when he yells at those he loves and believes that all is lost. Suddenly, I am weeping and my chest is in a vice-grip of pain.
The scene changes and George is in his living room after seeing the world as it would have been without him. He is ecstatic even before the townspeople surround him with love and the cash that solves his problem. My tears and pain gain momentum; I am thankful I'm in the back of the room. This wave of grief puzzles me and I try to find its source. The only thing that comes is: mother.
Do you love me?"
healing for the wounds. It's all there … thorns and bandaids … with no signs that say, "Try this; it will make you feel better," no instruction booklet included. Was that an oversight?
The other night I listened to a reincarnated Buddhist master talking about the path of the bodhisattva which, as I understand it, includes a vow to relieve the suffering of all sentient beings. Perhaps that's the instruction manual, period. In this time when purpose and meaning seem to be so illusive, maybe that's all we need to know. Perhaps all of us are here simply to learn to love, care for, and reduce the suffering of ourselves and our fellow travelers. There are a lot of ways of doing this so it probably doesn't matter which form we choose as long as the intent to help others is part of it.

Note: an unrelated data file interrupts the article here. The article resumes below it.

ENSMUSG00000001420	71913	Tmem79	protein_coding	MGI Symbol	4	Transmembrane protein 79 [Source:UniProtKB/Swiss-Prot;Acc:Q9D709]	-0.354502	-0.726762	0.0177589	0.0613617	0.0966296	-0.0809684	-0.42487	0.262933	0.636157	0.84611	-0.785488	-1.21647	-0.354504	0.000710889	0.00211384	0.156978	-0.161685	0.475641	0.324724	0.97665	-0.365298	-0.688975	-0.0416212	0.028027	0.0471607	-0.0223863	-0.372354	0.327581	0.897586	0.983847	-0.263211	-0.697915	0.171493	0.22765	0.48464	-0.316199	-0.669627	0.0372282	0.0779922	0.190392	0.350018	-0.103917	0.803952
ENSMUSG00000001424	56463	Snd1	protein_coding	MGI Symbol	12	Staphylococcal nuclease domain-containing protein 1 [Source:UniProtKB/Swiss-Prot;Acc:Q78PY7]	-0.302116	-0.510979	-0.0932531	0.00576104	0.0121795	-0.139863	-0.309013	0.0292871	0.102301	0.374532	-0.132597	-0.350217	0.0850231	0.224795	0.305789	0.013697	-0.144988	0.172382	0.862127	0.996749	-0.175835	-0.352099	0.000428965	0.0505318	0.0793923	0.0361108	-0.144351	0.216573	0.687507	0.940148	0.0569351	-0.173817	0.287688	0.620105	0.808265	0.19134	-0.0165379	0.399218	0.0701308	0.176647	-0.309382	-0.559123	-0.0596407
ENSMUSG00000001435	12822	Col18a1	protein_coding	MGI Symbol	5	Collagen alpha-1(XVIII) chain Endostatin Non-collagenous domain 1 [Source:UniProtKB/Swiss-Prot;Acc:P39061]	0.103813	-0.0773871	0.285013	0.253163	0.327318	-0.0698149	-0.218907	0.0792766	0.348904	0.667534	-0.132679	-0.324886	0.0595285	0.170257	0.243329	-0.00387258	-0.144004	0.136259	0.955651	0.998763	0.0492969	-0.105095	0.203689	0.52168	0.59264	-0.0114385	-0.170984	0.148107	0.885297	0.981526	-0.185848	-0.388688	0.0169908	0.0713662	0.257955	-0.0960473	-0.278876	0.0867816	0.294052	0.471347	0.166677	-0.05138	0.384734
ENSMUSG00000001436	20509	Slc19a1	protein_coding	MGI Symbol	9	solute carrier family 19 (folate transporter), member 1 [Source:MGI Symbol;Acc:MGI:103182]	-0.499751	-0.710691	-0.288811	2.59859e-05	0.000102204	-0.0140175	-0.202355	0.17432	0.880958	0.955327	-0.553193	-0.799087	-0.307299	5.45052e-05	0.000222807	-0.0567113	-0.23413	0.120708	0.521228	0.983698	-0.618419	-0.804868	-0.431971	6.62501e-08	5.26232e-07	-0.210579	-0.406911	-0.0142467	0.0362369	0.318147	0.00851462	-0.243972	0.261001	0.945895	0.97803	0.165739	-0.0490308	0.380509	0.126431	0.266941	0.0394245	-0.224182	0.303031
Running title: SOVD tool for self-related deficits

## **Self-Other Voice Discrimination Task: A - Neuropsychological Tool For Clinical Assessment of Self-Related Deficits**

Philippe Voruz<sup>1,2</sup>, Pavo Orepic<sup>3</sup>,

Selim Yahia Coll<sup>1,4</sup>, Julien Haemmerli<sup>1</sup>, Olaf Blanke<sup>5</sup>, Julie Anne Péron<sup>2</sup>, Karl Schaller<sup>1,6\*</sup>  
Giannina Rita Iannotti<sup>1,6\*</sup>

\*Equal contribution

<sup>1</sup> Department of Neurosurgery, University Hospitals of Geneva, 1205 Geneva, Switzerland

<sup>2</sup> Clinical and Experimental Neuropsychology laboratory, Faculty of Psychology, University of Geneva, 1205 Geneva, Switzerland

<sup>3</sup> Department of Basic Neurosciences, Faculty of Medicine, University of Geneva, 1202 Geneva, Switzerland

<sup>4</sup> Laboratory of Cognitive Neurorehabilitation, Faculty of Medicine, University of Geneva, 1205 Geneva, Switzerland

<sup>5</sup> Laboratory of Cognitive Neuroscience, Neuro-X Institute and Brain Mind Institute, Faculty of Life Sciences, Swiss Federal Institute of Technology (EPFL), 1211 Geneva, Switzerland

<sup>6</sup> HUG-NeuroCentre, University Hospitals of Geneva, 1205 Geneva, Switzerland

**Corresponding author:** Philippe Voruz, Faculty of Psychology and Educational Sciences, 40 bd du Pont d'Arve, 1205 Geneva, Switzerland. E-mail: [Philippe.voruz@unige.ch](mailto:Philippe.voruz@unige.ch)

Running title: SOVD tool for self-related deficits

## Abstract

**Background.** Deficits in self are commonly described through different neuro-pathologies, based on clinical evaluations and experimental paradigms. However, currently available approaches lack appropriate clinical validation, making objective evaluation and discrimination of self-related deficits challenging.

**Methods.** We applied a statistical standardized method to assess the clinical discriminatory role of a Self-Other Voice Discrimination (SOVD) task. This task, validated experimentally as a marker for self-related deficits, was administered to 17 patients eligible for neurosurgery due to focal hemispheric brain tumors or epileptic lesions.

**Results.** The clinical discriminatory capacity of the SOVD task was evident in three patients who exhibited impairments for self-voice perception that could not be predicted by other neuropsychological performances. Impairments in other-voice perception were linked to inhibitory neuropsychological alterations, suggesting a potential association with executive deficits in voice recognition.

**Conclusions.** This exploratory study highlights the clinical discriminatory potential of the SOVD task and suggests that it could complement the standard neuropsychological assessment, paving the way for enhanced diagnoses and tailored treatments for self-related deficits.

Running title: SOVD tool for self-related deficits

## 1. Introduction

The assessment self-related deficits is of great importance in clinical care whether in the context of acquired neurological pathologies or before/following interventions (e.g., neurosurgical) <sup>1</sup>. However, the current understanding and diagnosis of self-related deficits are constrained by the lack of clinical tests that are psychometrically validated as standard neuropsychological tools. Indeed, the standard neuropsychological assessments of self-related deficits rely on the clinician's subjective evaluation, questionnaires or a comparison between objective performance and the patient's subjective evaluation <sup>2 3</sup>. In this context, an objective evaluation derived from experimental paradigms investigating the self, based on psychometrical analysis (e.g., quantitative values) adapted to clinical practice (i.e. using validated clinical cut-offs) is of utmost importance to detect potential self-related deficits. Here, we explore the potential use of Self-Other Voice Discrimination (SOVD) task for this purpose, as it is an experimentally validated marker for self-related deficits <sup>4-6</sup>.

Of course, that still doesn't explain why we've been thrown into a world that guarantees that we will be wounded but does not guarantee that we will be healed. Maybe we've chosen to come to this theme park where we can either ride the roller coaster screaming and shouting in fear all the way until we stagger off rubber-legged and delighted, or walk about as an amused but unengaged sightseer until the park closes and we go home to sleep.